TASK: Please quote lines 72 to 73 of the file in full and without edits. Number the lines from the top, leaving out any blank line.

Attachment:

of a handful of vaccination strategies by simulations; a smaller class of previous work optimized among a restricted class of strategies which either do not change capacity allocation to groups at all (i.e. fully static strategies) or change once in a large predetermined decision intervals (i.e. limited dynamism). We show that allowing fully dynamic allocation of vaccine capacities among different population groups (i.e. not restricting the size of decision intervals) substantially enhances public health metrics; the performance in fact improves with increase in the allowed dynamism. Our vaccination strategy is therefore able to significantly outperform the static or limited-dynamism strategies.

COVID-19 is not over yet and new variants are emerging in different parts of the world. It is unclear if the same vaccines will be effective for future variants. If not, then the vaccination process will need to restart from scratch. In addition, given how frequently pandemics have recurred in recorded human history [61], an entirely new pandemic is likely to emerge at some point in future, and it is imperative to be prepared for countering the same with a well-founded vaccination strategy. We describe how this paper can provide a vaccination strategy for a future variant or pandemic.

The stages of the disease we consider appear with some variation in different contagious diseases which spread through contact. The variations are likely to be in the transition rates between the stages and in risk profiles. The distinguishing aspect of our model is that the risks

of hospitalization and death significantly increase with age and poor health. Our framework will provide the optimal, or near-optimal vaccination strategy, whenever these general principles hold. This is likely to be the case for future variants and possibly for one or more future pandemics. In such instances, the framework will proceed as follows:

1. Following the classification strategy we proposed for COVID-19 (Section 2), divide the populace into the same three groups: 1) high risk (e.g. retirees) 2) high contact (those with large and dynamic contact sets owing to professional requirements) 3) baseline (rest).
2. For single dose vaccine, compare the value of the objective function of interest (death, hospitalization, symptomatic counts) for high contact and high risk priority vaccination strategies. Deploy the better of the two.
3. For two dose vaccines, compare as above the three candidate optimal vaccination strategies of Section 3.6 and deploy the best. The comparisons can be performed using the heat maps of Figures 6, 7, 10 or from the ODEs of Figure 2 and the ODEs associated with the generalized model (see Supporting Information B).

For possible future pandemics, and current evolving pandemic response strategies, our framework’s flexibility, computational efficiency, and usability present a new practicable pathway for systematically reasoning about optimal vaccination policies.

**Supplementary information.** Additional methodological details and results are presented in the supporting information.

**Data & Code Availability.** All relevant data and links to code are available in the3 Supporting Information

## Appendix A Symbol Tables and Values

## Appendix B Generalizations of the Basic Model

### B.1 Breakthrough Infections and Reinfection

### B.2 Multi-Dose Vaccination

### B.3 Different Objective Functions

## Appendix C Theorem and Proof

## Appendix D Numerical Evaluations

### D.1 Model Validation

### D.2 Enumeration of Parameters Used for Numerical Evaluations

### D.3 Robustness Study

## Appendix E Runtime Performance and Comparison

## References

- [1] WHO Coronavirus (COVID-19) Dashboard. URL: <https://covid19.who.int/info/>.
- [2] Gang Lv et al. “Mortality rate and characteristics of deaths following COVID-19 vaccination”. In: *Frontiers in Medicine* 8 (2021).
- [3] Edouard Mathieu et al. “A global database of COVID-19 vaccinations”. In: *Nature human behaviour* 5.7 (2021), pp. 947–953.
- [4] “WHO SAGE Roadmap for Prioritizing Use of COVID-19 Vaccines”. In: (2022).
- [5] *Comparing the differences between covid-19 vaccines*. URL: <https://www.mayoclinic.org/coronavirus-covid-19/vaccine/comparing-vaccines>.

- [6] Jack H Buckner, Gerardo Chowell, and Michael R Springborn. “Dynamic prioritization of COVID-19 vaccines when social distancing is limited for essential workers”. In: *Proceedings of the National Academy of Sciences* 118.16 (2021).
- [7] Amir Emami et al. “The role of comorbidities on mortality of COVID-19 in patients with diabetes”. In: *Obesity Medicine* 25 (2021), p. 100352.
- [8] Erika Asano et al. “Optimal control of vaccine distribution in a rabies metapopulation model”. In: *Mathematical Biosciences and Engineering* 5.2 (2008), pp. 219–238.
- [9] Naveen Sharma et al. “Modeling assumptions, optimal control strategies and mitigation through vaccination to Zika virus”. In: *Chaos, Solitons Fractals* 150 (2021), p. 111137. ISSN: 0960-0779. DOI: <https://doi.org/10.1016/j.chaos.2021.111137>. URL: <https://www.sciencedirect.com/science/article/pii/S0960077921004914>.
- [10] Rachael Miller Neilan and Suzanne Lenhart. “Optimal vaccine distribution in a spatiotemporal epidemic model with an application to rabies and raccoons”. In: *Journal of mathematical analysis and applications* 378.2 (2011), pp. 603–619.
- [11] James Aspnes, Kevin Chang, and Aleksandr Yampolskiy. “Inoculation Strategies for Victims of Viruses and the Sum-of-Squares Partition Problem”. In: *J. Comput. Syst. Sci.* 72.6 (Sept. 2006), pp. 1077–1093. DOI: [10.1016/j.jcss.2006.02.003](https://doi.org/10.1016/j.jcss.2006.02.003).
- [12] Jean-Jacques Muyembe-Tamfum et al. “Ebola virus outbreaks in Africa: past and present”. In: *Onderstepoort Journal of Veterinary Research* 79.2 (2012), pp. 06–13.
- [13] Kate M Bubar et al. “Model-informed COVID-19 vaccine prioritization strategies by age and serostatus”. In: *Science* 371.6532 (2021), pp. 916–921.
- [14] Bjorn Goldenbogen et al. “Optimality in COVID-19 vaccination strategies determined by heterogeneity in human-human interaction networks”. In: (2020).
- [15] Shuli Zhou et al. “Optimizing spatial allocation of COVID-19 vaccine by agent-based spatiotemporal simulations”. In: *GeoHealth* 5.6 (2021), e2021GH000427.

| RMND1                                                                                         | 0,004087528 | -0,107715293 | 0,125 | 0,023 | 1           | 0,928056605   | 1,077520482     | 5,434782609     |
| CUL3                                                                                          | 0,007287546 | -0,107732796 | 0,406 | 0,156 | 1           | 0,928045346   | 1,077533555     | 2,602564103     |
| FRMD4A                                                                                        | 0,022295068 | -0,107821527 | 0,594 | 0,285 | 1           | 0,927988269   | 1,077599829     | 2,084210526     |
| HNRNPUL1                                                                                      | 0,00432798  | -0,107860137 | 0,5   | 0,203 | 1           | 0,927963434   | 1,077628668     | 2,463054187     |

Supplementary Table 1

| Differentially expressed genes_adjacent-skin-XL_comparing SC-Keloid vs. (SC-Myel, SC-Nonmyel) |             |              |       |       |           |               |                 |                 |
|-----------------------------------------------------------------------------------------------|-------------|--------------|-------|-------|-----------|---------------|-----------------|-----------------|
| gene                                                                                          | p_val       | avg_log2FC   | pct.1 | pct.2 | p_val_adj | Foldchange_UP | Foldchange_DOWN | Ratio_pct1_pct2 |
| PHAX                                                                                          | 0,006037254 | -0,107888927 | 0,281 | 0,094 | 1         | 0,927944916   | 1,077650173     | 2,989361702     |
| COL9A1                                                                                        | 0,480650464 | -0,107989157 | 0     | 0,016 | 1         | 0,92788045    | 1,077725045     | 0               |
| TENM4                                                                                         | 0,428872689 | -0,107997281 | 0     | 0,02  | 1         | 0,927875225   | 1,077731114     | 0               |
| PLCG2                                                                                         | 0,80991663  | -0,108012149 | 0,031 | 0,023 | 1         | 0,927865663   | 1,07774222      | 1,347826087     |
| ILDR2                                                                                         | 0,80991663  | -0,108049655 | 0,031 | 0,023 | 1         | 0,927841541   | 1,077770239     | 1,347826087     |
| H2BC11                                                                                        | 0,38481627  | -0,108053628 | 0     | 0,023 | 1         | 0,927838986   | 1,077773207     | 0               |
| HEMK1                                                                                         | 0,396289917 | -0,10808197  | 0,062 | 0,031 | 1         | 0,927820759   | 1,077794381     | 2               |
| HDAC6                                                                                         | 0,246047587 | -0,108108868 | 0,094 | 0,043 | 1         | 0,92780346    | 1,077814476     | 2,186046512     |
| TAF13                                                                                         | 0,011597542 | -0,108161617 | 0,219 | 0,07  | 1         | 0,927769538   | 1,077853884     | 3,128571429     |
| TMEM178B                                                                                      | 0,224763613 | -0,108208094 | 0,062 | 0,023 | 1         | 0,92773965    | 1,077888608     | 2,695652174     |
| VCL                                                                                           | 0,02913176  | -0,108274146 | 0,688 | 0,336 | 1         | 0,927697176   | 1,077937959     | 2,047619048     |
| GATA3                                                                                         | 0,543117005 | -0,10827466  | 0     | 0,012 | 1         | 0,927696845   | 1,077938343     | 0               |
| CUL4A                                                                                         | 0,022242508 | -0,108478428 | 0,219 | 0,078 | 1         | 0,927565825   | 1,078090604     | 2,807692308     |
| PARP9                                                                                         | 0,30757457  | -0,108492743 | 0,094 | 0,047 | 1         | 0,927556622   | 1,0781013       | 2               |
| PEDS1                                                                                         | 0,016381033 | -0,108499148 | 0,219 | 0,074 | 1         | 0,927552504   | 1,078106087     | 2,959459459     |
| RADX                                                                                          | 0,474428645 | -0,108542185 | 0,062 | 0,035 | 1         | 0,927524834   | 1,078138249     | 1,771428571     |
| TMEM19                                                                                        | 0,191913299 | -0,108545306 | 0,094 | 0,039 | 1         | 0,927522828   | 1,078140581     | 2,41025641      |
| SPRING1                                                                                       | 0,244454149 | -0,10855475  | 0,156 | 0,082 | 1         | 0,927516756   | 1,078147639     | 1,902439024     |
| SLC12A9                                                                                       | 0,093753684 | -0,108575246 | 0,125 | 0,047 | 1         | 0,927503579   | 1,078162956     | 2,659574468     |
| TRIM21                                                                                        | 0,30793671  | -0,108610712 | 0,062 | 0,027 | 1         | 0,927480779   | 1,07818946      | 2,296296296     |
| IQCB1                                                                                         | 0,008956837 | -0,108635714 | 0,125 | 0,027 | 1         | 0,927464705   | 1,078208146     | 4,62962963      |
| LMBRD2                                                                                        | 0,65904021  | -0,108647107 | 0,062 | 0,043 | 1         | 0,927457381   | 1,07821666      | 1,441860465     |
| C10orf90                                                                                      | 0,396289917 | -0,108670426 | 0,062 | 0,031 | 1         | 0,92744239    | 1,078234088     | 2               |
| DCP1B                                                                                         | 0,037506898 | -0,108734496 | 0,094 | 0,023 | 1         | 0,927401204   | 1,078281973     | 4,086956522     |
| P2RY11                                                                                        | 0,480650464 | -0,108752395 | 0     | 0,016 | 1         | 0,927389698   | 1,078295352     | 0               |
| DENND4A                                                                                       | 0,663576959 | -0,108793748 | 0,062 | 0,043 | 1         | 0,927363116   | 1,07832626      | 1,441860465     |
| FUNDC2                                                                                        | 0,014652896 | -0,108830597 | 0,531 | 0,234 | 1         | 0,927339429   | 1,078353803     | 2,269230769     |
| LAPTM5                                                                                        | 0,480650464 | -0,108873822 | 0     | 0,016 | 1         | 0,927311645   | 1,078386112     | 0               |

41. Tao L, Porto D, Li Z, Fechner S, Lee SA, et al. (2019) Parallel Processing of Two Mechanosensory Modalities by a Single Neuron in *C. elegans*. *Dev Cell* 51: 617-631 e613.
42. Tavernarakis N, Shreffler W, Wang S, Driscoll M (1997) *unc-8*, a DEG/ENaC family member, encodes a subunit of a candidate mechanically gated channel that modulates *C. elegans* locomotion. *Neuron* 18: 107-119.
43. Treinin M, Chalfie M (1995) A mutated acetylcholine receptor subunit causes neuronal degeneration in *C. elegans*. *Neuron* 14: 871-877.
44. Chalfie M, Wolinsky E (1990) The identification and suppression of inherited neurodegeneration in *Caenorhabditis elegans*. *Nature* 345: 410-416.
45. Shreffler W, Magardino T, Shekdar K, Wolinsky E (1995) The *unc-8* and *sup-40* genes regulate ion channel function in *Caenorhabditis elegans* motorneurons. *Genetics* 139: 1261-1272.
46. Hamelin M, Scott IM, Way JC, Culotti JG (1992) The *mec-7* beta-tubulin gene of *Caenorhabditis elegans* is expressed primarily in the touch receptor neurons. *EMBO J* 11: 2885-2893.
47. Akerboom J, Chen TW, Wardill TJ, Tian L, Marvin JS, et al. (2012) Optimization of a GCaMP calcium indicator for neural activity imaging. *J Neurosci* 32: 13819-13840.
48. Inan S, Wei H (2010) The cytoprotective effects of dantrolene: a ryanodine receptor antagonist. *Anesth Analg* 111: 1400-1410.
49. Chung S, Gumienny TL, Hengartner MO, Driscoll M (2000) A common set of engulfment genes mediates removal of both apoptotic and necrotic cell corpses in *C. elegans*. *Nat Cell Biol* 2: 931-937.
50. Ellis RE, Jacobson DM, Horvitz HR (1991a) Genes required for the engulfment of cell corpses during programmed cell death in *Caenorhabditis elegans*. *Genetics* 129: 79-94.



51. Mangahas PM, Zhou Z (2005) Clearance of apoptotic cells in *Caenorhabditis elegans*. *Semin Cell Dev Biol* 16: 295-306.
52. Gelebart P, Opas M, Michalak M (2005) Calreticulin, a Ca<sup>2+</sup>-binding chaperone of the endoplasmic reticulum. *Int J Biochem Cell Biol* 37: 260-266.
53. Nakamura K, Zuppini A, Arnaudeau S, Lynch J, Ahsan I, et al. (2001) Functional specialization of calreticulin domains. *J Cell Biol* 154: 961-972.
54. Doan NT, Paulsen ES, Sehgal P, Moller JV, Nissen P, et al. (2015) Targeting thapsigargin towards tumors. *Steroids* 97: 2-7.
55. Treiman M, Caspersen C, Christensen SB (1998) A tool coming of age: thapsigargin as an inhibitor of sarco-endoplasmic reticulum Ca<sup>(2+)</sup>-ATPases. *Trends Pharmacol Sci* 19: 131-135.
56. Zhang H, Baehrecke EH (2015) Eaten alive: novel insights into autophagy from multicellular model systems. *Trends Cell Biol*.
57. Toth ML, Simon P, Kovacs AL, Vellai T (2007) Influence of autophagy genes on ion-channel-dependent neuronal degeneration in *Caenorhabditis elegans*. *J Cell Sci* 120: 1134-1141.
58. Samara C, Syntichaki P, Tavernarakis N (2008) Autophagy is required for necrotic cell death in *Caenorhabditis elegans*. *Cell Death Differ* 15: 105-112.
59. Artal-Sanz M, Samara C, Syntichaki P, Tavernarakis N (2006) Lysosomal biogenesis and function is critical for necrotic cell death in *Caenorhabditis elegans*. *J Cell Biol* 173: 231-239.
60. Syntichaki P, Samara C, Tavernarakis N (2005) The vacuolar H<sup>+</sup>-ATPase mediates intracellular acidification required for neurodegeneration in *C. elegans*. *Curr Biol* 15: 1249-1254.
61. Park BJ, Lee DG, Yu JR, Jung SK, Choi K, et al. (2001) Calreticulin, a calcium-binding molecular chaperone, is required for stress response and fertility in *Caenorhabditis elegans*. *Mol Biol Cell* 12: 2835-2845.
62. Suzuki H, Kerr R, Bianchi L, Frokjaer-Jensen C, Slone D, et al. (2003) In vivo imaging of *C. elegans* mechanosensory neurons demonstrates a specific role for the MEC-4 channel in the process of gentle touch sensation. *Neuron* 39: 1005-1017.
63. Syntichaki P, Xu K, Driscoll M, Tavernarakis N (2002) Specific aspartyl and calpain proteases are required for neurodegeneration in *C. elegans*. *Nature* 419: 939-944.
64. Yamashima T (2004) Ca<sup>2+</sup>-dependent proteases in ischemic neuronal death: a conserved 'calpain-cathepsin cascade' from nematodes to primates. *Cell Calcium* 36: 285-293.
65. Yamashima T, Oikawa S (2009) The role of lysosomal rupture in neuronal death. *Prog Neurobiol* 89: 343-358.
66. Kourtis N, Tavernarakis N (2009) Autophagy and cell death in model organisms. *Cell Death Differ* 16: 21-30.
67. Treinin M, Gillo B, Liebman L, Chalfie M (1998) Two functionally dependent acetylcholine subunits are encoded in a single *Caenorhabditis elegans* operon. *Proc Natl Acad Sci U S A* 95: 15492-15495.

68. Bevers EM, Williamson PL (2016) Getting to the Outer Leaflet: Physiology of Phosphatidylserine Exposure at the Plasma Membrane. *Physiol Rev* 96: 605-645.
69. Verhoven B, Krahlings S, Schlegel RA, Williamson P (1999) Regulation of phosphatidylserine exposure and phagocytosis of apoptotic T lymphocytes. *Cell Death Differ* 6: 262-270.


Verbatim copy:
| FUNDC2                                                                                        | 0,014652896 | -0,108830597 | 0,531 | 0,234 | 1         | 0,927339429   | 1,078353803     | 2,269230769     |
| LAPTM5                                                                                        | 0,480650464 | -0,108873822 | 0     | 0,016 | 1         | 0,927311645   | 1,078386112     | 0               |